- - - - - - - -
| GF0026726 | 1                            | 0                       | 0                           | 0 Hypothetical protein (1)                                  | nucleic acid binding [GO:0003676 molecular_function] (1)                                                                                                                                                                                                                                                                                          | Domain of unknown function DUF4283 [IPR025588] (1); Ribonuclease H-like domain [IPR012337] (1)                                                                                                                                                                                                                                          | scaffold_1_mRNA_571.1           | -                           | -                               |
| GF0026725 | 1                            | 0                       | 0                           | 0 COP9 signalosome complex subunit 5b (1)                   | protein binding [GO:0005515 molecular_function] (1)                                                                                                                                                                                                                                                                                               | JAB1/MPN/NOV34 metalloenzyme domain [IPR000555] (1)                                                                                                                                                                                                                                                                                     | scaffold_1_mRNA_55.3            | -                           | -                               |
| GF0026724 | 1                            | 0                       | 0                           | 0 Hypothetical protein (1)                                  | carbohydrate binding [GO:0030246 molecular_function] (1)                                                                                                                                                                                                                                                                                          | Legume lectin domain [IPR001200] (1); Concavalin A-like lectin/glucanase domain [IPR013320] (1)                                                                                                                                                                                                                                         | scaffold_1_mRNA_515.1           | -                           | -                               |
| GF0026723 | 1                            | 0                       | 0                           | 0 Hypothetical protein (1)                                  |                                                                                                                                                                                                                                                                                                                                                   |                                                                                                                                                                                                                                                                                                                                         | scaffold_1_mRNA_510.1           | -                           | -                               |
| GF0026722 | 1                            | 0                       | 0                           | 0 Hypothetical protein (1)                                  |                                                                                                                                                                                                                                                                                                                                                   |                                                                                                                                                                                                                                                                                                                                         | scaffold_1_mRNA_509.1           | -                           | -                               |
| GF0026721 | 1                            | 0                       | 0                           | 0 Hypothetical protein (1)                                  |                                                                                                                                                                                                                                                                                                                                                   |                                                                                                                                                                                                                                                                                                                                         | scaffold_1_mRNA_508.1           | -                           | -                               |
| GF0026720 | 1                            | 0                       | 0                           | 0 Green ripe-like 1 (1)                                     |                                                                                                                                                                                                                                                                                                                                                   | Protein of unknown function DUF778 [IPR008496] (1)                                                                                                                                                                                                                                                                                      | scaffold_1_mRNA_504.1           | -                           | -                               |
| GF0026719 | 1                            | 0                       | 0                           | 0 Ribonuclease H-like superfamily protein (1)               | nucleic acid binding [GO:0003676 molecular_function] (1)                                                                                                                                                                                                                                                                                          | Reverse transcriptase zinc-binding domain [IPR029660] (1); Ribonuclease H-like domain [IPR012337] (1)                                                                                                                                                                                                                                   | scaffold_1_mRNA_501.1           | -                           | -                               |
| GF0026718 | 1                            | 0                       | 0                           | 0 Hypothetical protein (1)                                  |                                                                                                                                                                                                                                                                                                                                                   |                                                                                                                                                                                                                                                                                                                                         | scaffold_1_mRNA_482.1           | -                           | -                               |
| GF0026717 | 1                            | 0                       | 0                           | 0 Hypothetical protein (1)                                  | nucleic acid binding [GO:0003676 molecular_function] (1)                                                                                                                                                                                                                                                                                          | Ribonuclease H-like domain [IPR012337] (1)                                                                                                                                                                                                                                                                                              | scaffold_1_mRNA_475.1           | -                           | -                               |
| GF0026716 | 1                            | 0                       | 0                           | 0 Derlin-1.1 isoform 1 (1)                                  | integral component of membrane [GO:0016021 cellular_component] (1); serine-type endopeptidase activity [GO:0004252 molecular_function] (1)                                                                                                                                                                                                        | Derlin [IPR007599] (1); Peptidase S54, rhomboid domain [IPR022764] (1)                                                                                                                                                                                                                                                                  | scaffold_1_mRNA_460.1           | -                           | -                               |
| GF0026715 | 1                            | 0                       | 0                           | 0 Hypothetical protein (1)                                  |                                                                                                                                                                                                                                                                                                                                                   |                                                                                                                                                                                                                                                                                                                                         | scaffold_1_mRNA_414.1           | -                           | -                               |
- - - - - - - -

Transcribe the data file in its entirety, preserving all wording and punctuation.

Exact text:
| GF0026726 | 1                            | 0                       | 0                           | 0 Hypothetical protein (1)                                  | nucleic acid binding [GO:0003676 molecular_function] (1)                                                                                                                                                                                                                                                                                          | Domain of unknown function DUF4283 [IPR025588] (1); Ribonuclease H-like domain [IPR012337] (1)                                                                                                                                                                                                                                          | scaffold_1_mRNA_571.1           | -                           | -                               |
| GF0026725 | 1                            | 0                       | 0                           | 0 COP9 signalosome complex subunit 5b (1)                   | protein binding [GO:0005515 molecular_function] (1)                                                                                                                                                                                                                                                                                               | JAB1/MPN/NOV34 metalloenzyme domain [IPR000555] (1)                                                                                                                                                                                                                                                                                     | scaffold_1_mRNA_55.3            | -                           | -                               |
| GF0026724 | 1                            | 0                       | 0                           | 0 Hypothetical protein (1)                                  | carbohydrate binding [GO:0030246 molecular_function] (1)                                                                                                                                                                                                                                                                                          | Legume lectin domain [IPR001200] (1); Concavalin A-like lectin/glucanase domain [IPR013320] (1)                                                                                                                                                                                                                                         | scaffold_1_mRNA_515.1           | -                           | -                               |
| GF0026723 | 1                            | 0                       | 0                           | 0 Hypothetical protein (1)                                  |                                                                                                                                                                                                                                                                                                                                                   |                                                                                                                                                                                                                                                                                                                                         | scaffold_1_mRNA_510.1           | -                           | -                               |
| GF0026722 | 1                            | 0                       | 0                           | 0 Hypothetical protein (1)                                  |                                                                                                                                                                                                                                                                                                                                                   |                                                                                                                                                                                                                                                                                                                                         | scaffold_1_mRNA_509.1           | -                           | -                               |
| GF0026721 | 1                            | 0                       | 0                           | 0 Hypothetical protein (1)                                  |                                                                                                                                                                                                                                                                                                                                                   |                                                                                                                                                                                                                                                                                                                                         | scaffold_1_mRNA_508.1           | -                           | -                               |
| GF0026720 | 1                            | 0                       | 0                           | 0 Green ripe-like 1 (1)                                     |                                                                                                                                                                                                                                                                                                                                                   | Protein of unknown function DUF778 [IPR008496] (1)                                                                                                                                                                                                                                                                                      | scaffold_1_mRNA_504.1           | -                           | -                               |
| GF0026719 | 1                            | 0                       | 0                           | 0 Ribonuclease H-like superfamily protein (1)               | nucleic acid binding [GO:0003676 molecular_function] (1)                                                                                                                                                                                                                                                                                          | Reverse transcriptase zinc-binding domain [IPR029660] (1); Ribonuclease H-like domain [IPR012337] (1)                                                                                                                                                                                                                                   | scaffold_1_mRNA_501.1           | -                           | -                               |
| GF0026718 | 1                            | 0                       | 0                           | 0 Hypothetical protein (1)                                  |                                                                                                                                                                                                                                                                                                                                                   |                                                                                                                                                                                                                                                                                                                                         | scaffold_1_mRNA_482.1           | -                           | -                               |
| GF0026717 | 1                            | 0                       | 0                           | 0 Hypothetical protein (1)                                  | nucleic acid binding [GO:0003676 molecular_function] (1)                                                                                                                                                                                                                                                                                          | Ribonuclease H-like domain [IPR012337] (1)                                                                                                                                                                                                                                                                                              | scaffold_1_mRNA_475.1           | -                           | -                               |
| GF0026716 | 1                            | 0                       | 0                           | 0 Derlin-1.1 isoform 1 (1)                                  | integral component of membrane [GO:0016021 cellular_component] (1); serine-type endopeptidase activity [GO:0004252 molecular_function] (1)                                                                                                                                                                                                        | Derlin [IPR007599] (1); Peptidase S54, rhomboid domain [IPR022764] (1)                                                                                                                                                                                                                                                                  | scaffold_1_mRNA_460.1           | -                           | -                               |
| GF0026715 | 1                            | 0                       | 0                           | 0 Hypothetical protein (1)                                  |                                                                                                                                                                                                                                                                                                                                                   |                                                                                                                                                                                                                                                                                                                                         | scaffold_1_mRNA_414.1           | -                           | -                               |